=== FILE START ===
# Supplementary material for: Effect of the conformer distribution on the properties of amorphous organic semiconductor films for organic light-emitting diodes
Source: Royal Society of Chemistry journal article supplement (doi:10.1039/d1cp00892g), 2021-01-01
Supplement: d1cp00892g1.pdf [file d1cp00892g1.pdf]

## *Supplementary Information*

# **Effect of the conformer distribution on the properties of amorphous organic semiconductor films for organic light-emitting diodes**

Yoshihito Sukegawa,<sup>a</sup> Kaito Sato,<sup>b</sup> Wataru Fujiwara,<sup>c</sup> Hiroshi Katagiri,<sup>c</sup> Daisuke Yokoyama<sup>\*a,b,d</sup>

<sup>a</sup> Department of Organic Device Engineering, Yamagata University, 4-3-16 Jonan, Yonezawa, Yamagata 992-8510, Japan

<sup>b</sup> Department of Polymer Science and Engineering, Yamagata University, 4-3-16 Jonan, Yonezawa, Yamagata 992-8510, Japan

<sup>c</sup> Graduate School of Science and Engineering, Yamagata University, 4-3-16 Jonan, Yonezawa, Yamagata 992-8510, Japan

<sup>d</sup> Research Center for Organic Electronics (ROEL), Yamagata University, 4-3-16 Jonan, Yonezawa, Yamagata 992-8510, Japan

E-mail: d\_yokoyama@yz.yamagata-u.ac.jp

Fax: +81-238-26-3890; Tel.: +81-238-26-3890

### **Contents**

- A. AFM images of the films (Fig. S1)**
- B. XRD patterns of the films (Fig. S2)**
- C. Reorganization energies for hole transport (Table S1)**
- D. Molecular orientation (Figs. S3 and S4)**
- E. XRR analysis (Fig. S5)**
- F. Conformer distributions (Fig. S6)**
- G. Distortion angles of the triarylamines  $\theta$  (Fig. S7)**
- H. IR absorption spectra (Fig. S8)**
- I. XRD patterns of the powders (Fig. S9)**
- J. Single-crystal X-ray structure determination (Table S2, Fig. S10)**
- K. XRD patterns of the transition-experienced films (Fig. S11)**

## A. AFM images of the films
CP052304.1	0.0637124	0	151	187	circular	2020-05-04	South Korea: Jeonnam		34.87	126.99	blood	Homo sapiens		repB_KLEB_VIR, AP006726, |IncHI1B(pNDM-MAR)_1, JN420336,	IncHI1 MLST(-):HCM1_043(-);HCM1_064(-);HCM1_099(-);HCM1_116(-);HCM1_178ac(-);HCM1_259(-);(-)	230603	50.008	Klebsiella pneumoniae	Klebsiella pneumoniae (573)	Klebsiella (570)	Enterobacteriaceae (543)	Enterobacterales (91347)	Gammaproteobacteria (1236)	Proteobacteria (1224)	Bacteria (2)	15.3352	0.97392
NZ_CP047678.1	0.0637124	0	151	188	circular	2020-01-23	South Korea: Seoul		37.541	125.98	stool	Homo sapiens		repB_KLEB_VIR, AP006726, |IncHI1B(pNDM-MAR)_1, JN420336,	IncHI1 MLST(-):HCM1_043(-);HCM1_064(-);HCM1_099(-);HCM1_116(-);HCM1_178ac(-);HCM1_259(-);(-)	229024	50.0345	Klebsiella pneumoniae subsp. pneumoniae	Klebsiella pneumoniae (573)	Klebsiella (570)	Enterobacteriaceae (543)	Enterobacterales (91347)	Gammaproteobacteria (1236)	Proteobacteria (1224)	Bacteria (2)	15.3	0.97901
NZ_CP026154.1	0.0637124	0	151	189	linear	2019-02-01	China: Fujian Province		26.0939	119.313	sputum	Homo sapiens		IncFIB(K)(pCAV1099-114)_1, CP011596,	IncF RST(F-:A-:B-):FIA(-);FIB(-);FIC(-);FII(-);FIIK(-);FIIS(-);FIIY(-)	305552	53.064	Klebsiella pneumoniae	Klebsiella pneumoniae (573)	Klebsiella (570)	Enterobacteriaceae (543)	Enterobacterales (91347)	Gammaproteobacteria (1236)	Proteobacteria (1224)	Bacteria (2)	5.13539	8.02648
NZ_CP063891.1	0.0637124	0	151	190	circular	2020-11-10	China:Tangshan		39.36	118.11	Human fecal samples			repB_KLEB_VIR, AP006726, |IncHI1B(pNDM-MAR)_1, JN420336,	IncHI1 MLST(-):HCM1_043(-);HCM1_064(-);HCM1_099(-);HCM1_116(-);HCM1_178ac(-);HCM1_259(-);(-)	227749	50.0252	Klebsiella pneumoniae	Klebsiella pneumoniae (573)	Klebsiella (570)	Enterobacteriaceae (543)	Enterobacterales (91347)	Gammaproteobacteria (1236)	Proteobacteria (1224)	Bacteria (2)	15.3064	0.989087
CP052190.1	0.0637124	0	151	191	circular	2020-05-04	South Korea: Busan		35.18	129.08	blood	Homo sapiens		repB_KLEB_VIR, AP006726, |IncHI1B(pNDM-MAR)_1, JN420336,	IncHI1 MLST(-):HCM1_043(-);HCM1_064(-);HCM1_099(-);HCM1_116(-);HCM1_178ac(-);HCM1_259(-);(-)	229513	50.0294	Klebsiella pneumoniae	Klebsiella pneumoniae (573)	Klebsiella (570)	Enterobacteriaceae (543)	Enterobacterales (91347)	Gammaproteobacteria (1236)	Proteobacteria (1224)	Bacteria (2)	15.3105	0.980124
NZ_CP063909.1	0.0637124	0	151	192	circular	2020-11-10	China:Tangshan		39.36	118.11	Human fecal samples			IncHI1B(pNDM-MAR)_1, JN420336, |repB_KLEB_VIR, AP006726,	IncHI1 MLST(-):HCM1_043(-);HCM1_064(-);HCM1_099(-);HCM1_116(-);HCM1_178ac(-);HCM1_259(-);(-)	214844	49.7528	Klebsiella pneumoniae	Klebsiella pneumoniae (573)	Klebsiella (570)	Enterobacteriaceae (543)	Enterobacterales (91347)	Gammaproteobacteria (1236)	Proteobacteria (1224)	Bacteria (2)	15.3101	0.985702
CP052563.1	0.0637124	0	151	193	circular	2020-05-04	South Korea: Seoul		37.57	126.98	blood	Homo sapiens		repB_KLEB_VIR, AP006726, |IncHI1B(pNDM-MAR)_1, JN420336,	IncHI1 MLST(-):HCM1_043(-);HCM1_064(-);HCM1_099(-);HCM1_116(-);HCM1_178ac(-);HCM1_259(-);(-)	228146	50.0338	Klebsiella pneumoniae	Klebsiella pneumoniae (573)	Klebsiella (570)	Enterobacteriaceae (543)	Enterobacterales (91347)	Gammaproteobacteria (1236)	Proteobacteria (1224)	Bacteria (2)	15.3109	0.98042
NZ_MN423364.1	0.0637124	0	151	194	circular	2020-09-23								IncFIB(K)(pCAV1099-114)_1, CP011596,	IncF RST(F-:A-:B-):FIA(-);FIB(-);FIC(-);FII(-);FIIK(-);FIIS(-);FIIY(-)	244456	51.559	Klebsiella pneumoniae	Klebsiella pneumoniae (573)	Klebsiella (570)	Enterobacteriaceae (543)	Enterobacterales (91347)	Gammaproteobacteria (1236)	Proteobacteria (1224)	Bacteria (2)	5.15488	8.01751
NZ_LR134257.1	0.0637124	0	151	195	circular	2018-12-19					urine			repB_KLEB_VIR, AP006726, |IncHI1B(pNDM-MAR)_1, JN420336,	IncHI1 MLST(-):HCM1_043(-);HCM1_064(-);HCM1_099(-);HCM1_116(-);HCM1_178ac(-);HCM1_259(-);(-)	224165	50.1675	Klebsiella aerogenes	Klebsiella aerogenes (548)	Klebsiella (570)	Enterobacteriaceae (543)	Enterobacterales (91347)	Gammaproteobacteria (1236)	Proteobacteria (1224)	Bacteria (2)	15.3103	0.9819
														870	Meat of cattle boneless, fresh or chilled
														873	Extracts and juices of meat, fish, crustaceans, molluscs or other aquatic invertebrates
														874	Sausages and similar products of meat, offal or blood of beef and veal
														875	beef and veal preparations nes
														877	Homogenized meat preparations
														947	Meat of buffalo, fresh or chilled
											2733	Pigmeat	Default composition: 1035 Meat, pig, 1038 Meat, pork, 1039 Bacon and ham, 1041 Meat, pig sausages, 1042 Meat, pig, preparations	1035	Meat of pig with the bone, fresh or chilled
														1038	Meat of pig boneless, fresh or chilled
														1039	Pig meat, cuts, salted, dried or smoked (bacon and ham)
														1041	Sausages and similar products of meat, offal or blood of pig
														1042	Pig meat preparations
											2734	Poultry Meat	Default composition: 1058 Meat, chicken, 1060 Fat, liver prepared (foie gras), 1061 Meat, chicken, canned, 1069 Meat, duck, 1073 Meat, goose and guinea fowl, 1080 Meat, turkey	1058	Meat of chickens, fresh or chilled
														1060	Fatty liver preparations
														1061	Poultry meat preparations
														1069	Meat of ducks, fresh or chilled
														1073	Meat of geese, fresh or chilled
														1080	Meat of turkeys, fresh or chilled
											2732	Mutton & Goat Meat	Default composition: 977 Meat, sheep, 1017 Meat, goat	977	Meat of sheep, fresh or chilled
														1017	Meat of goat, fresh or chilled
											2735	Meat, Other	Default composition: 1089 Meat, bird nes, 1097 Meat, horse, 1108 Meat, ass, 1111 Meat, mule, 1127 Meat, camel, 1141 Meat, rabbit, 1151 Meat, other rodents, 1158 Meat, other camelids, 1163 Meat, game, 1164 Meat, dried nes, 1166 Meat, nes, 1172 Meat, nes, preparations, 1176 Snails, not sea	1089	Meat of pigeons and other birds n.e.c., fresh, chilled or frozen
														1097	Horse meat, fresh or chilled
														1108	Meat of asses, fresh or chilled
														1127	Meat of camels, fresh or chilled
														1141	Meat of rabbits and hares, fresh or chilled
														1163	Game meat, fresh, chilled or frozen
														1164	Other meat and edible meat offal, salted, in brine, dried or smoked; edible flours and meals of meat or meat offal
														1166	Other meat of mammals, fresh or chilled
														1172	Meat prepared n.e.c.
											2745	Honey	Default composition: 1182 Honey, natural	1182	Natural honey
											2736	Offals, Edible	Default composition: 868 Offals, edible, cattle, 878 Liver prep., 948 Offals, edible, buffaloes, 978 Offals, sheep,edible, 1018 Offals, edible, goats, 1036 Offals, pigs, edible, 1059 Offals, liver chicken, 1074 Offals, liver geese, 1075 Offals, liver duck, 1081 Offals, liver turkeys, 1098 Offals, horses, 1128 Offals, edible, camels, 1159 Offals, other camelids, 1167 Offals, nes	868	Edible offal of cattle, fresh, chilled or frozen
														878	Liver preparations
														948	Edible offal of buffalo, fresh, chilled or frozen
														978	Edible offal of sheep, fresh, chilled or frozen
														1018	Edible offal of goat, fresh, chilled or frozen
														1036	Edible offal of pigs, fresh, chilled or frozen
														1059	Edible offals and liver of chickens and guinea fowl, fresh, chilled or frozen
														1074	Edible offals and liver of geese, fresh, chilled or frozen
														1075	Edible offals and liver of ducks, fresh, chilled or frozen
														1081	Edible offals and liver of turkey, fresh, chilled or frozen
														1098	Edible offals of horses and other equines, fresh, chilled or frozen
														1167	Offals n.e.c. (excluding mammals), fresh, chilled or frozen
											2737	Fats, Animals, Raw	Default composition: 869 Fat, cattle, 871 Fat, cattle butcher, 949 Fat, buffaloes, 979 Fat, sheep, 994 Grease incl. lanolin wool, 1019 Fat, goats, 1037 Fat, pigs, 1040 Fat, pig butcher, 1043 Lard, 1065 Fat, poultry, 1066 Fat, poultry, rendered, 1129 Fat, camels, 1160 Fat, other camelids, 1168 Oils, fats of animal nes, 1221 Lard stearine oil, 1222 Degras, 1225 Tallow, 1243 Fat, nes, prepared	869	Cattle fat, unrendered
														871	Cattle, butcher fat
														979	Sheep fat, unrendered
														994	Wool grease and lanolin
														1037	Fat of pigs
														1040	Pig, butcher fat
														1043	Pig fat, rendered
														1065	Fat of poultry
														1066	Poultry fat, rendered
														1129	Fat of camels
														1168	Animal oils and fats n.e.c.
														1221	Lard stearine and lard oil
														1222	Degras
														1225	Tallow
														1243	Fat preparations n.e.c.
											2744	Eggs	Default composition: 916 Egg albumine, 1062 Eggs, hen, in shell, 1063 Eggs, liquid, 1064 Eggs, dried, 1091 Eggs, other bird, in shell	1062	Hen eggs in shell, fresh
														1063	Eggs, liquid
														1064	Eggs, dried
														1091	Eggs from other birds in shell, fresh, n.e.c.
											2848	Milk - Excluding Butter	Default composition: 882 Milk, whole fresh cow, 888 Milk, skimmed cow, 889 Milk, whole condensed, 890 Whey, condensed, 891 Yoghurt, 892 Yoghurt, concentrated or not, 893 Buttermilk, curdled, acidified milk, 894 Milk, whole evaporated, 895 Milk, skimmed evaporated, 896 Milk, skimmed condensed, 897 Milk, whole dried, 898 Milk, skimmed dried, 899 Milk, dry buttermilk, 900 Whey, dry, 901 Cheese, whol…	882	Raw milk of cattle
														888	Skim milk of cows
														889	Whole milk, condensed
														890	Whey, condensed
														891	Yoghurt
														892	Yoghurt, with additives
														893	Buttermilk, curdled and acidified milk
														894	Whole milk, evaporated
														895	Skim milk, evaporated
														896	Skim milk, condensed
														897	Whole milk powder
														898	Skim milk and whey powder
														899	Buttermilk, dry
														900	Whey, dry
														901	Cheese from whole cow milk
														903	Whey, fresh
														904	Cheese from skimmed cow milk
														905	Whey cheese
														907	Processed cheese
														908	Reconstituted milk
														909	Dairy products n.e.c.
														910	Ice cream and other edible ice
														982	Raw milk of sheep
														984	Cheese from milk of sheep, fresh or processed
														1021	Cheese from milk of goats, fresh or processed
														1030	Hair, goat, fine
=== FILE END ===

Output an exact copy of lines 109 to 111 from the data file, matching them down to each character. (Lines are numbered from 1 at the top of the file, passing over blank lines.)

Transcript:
														901	Cheese from whole cow milk
														903	Whey, fresh
														904	Cheese from skimmed cow milk